Review: Heavenly Participation

9780802865427Hans Boersma, Heavenly Participation: The Weaving of a Sacramental Tapestry. Grand Rapids, MI: Eerdmans, 2011, xii + 206 pp., £12.99/$22.00 paper.

No stranger to Transpositions, Hans Boersma here argues for a sacramental (aka participatory) ontology, and this with reference to nouvelle théologie. The book is, then, a tract of sorts, making the stuff of Boersma’s Nouvelle Théologie and Sacramental Ontology: A Return to Mystery (reviewed here) more accessible for a general audience, and evangelicals in particular.

Generally speaking, in Part 1 Boersma argues that “both Protestants and Catholics have succumbed to the onslaught of a desacralized modernity.”[p. 11] More specifically, he discusses five developments that contributed to this desacralization: 1) the Gregorian Reform, 2) the separation between sacrament and reality, 3) the discovery of nature, 4) the separation of Scripture and church (i.e., as two separate sources of authority), and 5) the separation between nature and the supernatural.[pp. 53–67] Boersma then suggests that, “as Protestants, we need to relearn to see the world with sacramental eyes.”[p. 99]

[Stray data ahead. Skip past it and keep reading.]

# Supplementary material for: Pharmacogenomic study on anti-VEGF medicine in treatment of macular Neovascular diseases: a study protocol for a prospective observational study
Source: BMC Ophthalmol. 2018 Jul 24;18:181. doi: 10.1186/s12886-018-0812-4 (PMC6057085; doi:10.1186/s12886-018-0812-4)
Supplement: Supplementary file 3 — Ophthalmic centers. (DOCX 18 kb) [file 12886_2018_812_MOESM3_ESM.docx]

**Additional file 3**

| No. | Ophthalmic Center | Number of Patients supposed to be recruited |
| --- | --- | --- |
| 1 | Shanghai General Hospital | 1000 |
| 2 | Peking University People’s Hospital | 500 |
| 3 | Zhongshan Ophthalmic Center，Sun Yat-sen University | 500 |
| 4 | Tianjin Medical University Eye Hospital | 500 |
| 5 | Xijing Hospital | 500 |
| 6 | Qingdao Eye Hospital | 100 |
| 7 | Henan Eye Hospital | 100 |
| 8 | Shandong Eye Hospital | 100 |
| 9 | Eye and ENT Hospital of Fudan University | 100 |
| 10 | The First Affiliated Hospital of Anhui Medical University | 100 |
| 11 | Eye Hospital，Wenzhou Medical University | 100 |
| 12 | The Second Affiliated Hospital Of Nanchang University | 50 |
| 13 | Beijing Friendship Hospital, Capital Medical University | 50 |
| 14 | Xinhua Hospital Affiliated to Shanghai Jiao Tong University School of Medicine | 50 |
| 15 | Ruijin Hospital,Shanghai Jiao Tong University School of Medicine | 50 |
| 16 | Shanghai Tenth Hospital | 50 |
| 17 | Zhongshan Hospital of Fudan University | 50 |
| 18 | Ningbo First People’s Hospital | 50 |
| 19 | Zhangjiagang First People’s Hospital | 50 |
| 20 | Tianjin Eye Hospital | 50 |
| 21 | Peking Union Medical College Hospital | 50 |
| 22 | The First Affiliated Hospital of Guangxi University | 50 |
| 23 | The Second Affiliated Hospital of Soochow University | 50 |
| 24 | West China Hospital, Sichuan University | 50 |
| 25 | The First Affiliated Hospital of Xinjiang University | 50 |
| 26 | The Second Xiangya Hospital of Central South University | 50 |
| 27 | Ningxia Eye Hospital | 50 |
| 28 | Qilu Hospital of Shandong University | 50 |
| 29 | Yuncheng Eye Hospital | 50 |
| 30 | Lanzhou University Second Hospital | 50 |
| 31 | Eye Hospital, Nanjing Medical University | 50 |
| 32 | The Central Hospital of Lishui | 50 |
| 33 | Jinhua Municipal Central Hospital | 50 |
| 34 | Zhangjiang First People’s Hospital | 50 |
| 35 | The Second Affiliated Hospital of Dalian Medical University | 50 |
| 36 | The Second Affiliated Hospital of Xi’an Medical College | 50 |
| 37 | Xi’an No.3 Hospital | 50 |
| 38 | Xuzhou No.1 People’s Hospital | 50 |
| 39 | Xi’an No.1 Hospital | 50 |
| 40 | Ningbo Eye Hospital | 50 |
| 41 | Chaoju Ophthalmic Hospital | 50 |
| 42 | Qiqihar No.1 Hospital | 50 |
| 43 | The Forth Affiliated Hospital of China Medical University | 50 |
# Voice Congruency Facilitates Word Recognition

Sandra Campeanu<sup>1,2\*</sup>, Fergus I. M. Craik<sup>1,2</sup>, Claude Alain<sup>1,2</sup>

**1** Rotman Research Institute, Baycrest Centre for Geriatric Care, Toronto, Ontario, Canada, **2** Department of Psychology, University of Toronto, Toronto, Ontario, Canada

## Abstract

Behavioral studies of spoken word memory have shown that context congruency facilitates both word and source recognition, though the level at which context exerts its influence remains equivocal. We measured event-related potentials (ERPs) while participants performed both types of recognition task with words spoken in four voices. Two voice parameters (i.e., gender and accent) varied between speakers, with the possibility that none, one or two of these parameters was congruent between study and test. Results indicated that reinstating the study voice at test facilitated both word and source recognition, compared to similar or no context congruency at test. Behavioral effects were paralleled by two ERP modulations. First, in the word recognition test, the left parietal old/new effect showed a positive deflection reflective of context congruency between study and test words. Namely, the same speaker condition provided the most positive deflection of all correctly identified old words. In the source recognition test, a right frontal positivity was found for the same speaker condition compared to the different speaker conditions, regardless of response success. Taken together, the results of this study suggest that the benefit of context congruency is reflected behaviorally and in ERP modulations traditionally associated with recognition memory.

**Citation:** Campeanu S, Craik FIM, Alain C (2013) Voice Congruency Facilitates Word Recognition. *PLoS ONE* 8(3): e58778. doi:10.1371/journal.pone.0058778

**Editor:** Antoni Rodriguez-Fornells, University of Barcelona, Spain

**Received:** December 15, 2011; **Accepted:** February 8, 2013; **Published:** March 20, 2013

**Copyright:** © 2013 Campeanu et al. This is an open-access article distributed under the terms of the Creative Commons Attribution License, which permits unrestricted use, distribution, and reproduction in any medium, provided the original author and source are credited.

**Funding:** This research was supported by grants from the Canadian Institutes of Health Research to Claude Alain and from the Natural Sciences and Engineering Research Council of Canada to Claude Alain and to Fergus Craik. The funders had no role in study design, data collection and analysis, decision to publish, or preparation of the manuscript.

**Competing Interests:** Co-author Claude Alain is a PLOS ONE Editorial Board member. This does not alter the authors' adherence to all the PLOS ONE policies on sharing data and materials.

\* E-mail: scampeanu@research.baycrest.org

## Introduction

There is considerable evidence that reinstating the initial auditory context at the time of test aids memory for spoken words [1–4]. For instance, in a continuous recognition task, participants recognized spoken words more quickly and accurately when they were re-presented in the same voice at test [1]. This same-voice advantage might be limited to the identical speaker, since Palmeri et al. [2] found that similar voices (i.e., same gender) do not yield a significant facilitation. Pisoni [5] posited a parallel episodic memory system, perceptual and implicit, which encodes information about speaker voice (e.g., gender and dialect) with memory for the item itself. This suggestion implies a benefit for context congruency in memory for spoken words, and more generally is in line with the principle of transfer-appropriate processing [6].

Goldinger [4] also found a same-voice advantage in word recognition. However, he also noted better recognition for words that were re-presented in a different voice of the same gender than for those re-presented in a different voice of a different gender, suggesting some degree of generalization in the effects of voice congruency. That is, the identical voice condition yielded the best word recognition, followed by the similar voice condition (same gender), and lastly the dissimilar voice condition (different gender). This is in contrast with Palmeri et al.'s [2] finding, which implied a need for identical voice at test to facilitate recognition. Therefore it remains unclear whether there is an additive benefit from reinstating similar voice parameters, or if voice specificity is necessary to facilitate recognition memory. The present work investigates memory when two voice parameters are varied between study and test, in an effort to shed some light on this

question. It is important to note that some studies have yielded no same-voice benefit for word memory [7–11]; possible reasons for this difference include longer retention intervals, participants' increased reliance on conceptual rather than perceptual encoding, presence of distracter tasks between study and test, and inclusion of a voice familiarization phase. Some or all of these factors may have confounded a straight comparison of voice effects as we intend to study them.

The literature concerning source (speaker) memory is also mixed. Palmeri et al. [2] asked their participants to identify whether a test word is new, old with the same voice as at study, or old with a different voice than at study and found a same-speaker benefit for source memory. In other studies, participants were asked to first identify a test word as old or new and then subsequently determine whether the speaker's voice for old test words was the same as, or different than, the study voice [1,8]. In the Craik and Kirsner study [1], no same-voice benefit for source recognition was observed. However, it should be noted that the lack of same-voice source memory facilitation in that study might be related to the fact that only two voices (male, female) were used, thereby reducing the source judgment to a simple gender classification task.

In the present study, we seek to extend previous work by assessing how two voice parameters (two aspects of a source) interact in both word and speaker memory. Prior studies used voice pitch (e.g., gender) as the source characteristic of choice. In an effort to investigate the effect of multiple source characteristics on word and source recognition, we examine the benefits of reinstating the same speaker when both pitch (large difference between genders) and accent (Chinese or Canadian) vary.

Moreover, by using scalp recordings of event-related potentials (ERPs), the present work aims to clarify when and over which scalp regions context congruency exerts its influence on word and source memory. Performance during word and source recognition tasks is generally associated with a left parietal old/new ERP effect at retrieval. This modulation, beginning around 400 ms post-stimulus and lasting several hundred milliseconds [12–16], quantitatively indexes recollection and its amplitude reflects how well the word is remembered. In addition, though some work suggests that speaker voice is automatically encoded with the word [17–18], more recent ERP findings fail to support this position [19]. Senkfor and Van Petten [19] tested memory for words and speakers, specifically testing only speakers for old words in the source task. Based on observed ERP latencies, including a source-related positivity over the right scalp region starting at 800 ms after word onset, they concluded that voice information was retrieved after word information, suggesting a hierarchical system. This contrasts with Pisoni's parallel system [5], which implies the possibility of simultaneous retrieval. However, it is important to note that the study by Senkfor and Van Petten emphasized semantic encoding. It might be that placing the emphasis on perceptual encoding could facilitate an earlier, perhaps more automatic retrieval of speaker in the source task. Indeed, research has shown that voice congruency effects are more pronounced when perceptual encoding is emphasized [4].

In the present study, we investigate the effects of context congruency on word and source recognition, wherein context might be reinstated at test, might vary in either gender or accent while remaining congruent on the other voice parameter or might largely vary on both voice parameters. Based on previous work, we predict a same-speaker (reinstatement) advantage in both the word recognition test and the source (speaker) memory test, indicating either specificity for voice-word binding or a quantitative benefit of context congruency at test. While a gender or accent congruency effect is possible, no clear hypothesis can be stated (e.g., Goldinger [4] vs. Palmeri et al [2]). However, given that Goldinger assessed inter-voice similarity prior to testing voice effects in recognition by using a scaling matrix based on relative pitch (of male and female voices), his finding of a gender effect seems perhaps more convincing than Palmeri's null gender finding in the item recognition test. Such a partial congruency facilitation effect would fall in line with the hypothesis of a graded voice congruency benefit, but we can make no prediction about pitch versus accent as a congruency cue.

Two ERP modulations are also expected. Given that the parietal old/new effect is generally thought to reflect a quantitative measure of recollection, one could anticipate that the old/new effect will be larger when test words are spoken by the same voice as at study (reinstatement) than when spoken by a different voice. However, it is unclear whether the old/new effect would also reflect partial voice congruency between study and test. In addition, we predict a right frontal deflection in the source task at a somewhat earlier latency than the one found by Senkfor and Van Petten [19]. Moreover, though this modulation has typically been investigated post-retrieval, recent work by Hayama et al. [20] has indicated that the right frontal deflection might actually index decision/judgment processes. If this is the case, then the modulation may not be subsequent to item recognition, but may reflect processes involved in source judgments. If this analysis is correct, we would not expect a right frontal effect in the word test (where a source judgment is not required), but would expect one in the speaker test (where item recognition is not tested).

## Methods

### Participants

Part 2 of the book thus focuses upon the Eucharist, Tradition, Biblical Interpretation, Truth and Theology. Each of these is treated in a chapter of its own, and each is related to the recovery of a sacramental ontology.

Throughout, Boersma is writing against “anti heaven rhetoric among evangelicals.”[p. 187] Much of this rhetoric, it seems, is coming from Neo-Calvinists (e.g., Albert M. Wolters, Creation Regained; Paul Marshall, Heaven is Not My HomeMichael E. Wittmer, Heaven is a Place on Earth), and so Boersma’s book might be read alongside one or more of these for a study in contrasting perspectives, in a course on Christian Worldview for instance.

An excellent introduction to nouvelle théologie, Boersma’s Heavenly Participation has already and will continue to appeal to a wide variety of readers, and for those interested in learning more, his Nouvelle Théologie and Sacramental Ontology is a fine follow-up read. For a different voice, see David Brown’s essay, “Sacramentality,” in The Oxford Handbook of Theology and Modern European Thought (Oxford University Press, 2013, reviewed here), and for a plurality of voices, see Flynn and Murray, eds., Ressourcement: A Movement for Renewal in Twentieth-Century Catholic Theology (Oxford University Press, 2012).

Review by Christopher R. Brewer

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